I was talking with a reader the other day, yes someone reads my column besides you, and they mentioned my recent spider column. Although I didn’t give spiders their own column, just split it with snakes. Perhaps spiders deserve their own column. The reader mentioned that spiders are universal, no matter who you are, you probably run into spiders. If not inside then certainly outside. Most all continents in the world, although I am not sure about the extremely cold places. However places like Australia even things out because they have some of the most venomous spiders in all the world. Here in this part of the globe we have a couple of spiders that carry venom. Down Under they have spiders that are not only poisonous but will chase you down, and they catch and eat birds in their webs. Now those are the types of spiders you have nightmares about.
As I said in my first story on this topic, I tolerate spiders. They eat bugs, which benefits me. I mean a common hated of insects is a good thing, although I don’t think spiders hate bugs, on the contrary they like to eat insects, and realistically spiders are insects. Somewhere I had seen a statistic that the average person swallows four small spiders per year in their sleep. Now this brings up several questions, the most obvious is; who watches a sleeping person for a full year to count spiders, another question; did the spider just wander into the sleeper’s mouth or was he chasing after an even smaller bug? The idea of swallowing a spider, or a spider and his dinner, is enough to keep me awake if only for few extra minutes. I could try to gargle with pesticide before going to sleep, it can’t taste worse than what I use now.
I think most people have a bit of a fear of spiders for a variety of reasons. I mean who has not run through a spider web and then a few minutes later felt the spider crawling down their neck. We are not food for spiders and most spider won’t harm us, so why the fear? Maybe it is how they essentially eat their prey alive. Or how they can sneak around. For something with eight legs one might think it would make some noise. Even a cat with only four legs makes some noise at times and they are the most stealthy animals we have in or around our homes.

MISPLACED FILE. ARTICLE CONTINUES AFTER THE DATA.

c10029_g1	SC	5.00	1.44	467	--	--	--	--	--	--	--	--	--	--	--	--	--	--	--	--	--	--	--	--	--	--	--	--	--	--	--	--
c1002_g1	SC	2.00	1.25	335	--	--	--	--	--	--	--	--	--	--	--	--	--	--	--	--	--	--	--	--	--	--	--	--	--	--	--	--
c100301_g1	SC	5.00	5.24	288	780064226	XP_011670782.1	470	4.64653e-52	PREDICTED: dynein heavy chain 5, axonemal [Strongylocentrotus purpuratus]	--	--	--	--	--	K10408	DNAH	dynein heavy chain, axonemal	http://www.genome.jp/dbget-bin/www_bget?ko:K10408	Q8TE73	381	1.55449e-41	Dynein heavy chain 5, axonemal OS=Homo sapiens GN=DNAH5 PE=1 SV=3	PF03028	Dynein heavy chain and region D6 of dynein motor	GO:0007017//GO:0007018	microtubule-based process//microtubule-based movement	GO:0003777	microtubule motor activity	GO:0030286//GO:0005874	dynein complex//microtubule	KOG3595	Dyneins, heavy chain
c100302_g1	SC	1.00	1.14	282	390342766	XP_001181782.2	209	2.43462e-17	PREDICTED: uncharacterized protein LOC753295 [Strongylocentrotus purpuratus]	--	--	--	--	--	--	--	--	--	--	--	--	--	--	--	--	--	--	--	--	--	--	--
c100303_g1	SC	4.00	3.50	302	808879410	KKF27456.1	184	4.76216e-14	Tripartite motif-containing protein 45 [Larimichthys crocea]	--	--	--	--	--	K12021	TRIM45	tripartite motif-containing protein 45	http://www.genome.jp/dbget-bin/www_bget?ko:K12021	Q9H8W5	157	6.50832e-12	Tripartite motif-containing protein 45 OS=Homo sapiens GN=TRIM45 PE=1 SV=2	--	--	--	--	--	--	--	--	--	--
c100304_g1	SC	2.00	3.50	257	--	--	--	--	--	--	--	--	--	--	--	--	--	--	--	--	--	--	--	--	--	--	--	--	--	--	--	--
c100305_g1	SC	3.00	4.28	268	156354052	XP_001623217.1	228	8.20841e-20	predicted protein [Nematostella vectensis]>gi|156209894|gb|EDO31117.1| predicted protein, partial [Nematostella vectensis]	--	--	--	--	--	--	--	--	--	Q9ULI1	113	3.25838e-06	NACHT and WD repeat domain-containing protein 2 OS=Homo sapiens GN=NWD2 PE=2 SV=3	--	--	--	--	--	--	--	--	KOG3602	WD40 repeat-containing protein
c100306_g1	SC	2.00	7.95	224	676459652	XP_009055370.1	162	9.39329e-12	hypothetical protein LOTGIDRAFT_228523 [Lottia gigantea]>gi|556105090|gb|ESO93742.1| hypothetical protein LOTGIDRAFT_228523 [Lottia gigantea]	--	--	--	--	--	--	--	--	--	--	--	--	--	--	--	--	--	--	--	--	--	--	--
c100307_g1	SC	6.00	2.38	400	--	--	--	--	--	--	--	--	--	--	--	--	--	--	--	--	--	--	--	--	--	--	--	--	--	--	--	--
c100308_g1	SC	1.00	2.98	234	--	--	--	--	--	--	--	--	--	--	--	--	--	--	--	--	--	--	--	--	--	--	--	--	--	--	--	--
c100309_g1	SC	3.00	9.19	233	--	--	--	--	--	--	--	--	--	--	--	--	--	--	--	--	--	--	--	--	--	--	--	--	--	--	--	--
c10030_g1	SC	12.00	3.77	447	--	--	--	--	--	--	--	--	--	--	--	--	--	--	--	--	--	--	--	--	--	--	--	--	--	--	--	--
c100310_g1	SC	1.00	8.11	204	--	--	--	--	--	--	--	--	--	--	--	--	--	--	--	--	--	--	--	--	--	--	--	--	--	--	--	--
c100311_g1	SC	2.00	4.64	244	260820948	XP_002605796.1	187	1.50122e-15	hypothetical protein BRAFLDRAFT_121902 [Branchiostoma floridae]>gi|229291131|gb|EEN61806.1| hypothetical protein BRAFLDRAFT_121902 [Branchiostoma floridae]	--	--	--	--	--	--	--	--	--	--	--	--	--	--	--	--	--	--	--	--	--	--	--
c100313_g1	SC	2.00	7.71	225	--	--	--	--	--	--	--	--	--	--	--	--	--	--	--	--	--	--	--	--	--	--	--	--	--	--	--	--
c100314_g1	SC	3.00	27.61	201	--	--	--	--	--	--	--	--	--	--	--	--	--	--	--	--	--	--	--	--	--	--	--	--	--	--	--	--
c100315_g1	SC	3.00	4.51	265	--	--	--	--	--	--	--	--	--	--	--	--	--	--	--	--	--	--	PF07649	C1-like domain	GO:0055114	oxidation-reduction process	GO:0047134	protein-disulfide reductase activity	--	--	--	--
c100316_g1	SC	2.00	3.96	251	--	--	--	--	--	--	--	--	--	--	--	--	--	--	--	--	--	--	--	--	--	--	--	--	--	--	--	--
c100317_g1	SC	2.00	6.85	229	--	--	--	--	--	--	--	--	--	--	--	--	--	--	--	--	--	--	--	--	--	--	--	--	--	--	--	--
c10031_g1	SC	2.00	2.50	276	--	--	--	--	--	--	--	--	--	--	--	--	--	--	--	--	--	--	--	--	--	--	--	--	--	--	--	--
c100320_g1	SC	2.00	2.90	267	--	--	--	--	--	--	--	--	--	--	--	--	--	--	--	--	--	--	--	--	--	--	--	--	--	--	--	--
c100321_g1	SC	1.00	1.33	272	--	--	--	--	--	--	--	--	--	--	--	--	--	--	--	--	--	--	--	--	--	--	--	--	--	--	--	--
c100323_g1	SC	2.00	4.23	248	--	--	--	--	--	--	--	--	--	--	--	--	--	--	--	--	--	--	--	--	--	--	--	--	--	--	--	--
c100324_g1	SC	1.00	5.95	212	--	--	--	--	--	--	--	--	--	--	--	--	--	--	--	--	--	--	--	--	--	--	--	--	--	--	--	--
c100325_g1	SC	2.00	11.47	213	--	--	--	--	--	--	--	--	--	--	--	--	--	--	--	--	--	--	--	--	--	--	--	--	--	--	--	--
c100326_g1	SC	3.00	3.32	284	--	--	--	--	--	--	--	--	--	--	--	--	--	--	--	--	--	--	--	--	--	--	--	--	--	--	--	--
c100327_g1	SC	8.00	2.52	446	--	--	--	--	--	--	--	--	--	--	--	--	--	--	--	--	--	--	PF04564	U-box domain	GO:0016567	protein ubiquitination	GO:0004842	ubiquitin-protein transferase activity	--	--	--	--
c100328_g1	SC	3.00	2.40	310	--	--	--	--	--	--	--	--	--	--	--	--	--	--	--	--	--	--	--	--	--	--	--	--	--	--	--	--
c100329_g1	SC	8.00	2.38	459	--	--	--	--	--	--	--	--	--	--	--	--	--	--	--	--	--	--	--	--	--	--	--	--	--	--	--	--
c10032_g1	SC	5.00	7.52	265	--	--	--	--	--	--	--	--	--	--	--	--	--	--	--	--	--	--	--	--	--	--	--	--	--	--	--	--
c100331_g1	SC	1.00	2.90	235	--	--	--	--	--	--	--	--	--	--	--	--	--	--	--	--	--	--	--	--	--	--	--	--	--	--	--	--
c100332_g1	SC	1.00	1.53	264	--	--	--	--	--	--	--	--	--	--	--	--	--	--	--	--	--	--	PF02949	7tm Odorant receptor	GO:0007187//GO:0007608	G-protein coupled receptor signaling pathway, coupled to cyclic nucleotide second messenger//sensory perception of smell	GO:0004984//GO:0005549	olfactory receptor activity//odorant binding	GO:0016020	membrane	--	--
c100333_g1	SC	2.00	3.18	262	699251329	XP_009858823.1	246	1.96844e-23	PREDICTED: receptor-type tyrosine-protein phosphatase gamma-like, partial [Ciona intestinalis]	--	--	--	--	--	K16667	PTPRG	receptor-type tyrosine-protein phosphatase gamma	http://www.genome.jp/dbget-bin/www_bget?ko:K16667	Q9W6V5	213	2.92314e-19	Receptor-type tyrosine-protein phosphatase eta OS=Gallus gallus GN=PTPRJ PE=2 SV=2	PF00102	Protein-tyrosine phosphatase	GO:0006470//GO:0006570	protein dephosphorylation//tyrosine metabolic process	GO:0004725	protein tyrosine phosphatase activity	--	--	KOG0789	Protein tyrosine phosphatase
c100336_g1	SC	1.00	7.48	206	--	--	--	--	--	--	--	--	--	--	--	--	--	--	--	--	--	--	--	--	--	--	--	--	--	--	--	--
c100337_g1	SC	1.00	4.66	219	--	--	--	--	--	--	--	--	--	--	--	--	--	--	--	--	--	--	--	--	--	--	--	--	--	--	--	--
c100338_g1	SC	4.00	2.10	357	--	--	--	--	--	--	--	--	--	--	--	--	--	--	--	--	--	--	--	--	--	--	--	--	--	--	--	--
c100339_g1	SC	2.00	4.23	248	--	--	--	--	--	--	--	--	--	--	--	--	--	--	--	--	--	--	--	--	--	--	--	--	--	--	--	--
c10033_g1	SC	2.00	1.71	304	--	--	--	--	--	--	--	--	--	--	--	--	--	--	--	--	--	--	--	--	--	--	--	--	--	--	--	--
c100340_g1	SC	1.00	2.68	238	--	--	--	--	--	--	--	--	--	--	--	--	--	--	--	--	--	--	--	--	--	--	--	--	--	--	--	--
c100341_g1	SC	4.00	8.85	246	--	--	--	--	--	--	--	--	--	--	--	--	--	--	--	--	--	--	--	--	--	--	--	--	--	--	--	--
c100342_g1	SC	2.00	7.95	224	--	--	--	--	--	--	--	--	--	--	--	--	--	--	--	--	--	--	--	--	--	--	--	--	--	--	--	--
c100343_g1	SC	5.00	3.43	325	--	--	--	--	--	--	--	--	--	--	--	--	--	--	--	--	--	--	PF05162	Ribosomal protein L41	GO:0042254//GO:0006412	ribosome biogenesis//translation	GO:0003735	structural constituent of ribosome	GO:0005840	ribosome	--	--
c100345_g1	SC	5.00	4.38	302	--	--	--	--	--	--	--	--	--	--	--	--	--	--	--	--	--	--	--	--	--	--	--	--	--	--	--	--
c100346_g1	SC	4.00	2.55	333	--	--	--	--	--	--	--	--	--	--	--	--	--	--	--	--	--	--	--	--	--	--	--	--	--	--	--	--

My father had a fairly common outlook on spiders, he said; “there are only two types of spiders, dead and not yet.” I don’t share that opinion, occasionally I will capture a spider and relocate him outside somewhere. Sort of a witness protection program for a helpful insect.
It is comforting to know that no matter where you go that people in those countries face the same issues with spiders and webs as we do. Perhaps that is something we have in common that can unite us, or maybe not.
Spiders might give us a lot in our daily lives. They manage to live a productive life while being hated by most of their neighbors (us humans). They also spin a web that is made from a material that is stronger than anything we humans can make. And even with eight legs they manage to remain silent, and probably rarely stub their toe in the middle of the night on a coffee table and yell, or maybe something less specific. So the next spider you see, let him live, unless he does crawl down your shirt collar, then it is permissible to terminate him.